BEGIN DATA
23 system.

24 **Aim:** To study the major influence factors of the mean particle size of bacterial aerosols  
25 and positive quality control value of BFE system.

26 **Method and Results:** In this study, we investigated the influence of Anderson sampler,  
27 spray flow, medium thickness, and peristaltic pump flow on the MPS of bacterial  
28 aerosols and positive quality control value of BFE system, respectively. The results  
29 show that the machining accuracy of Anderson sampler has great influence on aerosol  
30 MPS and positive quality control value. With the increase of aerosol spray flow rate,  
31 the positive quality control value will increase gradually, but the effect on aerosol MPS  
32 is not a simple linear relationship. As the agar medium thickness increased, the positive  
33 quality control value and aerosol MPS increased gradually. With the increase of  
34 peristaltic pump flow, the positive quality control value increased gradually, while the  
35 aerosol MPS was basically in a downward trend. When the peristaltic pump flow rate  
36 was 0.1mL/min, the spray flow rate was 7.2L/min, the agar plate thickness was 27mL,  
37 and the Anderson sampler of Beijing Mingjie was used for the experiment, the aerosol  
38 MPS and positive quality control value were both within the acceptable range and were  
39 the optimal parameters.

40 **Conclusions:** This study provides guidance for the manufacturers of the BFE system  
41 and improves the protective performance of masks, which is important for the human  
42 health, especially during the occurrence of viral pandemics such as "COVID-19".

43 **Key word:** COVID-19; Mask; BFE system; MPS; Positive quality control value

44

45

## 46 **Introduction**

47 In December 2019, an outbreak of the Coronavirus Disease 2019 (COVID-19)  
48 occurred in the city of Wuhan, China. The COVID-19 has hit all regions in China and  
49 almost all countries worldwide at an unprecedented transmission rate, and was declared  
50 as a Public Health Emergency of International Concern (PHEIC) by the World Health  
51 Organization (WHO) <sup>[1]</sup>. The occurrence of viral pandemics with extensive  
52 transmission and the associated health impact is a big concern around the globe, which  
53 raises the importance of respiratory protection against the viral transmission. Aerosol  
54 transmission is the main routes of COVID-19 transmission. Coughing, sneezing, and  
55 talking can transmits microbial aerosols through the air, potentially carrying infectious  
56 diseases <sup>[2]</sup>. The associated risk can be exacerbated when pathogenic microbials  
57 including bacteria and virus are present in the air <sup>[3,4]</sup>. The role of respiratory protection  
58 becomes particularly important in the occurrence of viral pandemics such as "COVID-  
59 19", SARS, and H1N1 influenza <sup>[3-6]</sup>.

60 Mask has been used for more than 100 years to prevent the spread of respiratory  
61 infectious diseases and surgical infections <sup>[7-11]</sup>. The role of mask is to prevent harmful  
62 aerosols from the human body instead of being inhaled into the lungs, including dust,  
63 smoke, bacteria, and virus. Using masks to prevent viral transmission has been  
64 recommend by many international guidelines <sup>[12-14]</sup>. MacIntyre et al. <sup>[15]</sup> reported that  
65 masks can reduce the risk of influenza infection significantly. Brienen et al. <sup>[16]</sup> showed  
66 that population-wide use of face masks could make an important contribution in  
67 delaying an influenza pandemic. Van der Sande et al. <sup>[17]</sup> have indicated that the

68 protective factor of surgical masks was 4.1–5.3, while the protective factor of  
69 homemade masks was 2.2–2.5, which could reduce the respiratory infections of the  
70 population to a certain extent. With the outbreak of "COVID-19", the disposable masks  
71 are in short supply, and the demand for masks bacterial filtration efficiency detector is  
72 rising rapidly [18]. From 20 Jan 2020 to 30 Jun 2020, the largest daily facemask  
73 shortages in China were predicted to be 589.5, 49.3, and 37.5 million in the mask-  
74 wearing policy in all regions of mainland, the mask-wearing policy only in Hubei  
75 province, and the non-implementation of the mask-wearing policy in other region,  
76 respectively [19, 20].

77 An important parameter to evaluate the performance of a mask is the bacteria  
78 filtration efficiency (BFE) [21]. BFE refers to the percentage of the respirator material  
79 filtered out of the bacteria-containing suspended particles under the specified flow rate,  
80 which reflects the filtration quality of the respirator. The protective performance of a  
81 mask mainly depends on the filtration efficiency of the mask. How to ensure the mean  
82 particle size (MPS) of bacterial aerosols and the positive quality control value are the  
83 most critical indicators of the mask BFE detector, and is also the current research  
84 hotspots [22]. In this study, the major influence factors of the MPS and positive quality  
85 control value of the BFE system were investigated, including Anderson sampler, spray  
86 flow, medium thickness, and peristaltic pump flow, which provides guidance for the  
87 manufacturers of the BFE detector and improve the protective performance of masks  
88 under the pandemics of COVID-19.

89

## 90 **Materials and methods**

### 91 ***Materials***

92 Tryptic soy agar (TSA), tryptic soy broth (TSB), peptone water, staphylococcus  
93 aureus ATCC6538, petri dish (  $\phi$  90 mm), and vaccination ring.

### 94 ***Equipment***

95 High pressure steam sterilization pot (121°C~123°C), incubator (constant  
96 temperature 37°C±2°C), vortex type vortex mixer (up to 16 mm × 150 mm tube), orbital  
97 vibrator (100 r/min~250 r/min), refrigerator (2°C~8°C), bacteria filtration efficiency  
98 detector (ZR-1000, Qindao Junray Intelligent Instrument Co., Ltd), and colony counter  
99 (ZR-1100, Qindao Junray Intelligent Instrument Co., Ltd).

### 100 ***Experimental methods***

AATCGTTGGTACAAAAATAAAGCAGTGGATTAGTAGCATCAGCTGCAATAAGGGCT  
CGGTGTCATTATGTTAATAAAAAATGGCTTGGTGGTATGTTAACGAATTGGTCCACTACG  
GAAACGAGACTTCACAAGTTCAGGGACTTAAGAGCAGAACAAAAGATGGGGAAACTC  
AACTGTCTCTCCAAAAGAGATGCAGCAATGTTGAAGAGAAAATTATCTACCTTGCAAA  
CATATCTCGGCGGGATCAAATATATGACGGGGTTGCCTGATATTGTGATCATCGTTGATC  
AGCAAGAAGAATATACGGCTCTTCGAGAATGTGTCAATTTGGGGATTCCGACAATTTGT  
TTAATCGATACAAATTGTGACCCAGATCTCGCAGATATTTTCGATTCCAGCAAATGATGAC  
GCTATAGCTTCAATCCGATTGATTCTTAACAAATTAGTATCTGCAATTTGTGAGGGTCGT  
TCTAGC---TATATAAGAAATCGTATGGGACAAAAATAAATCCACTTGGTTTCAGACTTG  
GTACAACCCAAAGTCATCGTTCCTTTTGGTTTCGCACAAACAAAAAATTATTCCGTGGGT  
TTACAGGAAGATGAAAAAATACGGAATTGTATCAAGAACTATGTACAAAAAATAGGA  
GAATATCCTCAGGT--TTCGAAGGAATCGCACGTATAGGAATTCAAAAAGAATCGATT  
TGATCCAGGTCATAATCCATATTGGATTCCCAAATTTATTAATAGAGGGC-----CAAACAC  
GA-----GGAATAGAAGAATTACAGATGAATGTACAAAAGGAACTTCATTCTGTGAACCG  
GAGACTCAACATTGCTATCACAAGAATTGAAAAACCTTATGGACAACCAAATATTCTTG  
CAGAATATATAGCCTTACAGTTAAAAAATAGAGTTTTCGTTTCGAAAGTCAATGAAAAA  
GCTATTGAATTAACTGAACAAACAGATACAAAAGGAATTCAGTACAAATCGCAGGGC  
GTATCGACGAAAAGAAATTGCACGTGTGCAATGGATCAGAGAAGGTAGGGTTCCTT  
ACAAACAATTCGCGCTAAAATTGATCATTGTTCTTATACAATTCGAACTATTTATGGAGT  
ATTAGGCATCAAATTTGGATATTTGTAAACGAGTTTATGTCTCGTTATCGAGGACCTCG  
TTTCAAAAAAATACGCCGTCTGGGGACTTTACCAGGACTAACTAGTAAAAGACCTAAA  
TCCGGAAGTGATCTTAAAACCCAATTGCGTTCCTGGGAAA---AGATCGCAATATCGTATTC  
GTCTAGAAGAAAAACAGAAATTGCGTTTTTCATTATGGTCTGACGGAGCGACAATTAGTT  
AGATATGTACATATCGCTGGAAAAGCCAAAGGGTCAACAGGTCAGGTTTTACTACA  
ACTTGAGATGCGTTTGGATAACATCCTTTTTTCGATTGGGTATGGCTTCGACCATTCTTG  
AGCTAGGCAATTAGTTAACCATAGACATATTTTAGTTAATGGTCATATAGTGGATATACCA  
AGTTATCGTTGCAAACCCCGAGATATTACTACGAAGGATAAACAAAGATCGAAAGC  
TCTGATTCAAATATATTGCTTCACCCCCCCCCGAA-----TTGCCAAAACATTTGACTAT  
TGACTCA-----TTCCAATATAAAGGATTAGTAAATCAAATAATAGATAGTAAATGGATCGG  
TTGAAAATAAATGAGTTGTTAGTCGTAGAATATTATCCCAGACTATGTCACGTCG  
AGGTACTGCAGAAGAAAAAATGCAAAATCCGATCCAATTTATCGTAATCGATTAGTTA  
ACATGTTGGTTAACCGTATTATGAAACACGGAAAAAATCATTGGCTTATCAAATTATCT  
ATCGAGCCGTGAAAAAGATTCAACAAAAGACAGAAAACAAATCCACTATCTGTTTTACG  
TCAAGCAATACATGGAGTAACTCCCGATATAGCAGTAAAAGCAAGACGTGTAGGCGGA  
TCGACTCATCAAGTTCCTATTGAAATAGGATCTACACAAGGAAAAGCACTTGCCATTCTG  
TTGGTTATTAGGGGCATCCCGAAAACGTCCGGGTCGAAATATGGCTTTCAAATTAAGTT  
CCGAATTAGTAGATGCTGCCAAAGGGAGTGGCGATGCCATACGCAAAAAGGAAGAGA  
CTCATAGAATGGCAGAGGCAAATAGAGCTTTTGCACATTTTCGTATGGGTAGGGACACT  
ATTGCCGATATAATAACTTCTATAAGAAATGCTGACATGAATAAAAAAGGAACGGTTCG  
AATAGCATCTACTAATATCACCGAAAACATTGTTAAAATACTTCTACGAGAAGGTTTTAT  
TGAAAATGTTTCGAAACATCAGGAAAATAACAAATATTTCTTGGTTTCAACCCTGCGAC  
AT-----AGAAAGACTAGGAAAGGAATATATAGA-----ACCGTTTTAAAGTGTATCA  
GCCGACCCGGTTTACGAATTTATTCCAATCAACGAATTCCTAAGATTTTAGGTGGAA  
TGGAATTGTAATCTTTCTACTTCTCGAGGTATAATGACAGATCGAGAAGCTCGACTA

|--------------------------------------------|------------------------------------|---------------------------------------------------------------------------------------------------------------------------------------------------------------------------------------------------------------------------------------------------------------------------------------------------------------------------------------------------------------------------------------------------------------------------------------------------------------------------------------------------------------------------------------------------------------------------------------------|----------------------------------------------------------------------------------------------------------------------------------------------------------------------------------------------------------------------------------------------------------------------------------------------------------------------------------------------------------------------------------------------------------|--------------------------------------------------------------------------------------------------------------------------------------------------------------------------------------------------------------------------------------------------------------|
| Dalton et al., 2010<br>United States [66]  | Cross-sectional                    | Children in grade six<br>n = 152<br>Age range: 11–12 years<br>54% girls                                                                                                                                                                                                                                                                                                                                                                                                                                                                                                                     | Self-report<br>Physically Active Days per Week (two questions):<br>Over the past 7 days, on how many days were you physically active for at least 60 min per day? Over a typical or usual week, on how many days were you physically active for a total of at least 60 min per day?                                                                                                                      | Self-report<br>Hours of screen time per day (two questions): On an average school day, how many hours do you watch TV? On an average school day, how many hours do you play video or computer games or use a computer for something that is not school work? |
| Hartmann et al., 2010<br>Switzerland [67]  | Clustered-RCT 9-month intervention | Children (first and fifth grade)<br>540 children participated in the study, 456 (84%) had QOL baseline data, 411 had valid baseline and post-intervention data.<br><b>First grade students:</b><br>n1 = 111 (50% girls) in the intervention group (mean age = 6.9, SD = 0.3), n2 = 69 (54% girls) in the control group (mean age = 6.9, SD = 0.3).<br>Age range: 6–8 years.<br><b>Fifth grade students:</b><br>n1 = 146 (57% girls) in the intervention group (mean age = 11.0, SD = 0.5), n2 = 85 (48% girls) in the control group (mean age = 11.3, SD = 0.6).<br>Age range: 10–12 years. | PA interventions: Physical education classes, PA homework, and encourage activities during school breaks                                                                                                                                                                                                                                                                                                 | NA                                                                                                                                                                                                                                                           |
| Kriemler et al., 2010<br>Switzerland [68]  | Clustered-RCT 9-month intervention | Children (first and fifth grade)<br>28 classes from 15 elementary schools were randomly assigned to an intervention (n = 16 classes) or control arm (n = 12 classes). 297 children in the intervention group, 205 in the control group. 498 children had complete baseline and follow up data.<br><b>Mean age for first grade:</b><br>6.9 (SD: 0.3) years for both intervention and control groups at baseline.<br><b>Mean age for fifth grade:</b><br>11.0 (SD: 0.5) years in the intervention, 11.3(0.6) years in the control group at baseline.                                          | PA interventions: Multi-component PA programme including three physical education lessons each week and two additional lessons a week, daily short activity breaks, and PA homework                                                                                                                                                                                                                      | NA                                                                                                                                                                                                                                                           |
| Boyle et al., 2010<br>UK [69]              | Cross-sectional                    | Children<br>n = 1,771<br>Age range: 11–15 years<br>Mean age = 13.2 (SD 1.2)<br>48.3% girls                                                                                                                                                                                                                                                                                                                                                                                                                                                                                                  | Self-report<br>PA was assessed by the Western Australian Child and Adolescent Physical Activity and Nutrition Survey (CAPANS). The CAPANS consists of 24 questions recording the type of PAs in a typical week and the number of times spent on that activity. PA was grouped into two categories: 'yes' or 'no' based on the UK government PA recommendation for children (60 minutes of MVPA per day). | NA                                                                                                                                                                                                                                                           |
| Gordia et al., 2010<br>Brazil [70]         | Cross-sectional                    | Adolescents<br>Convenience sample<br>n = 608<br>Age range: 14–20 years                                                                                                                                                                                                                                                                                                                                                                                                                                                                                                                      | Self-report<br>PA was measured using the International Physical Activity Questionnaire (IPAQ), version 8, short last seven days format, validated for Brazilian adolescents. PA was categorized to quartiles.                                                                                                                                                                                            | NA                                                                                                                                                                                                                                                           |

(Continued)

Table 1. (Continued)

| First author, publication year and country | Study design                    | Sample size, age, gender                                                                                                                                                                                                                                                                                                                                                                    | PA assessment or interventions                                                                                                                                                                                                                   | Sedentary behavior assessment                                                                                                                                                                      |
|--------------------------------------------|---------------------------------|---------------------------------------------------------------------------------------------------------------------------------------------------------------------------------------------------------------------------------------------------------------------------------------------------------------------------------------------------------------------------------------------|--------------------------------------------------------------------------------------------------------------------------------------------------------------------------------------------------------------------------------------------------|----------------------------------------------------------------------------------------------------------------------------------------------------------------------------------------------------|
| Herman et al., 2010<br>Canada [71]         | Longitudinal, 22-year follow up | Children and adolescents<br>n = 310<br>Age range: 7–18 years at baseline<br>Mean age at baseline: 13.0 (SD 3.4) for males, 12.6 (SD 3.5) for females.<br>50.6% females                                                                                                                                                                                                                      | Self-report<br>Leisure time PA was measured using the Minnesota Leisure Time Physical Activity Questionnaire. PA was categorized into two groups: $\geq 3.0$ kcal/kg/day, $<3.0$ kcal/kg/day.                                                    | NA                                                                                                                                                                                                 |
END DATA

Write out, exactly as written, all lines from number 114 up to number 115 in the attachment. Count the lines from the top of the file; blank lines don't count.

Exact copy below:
TTGGTTATTAGGGGCATCCCGAAAACGTCCGGGTCGAAATATGGCTTTCAAATTAAGTT  
CCGAATTAGTAGATGCTGCCAAAGGGAGTGGCGATGCCATACGCAAAAAGGAAGAGA  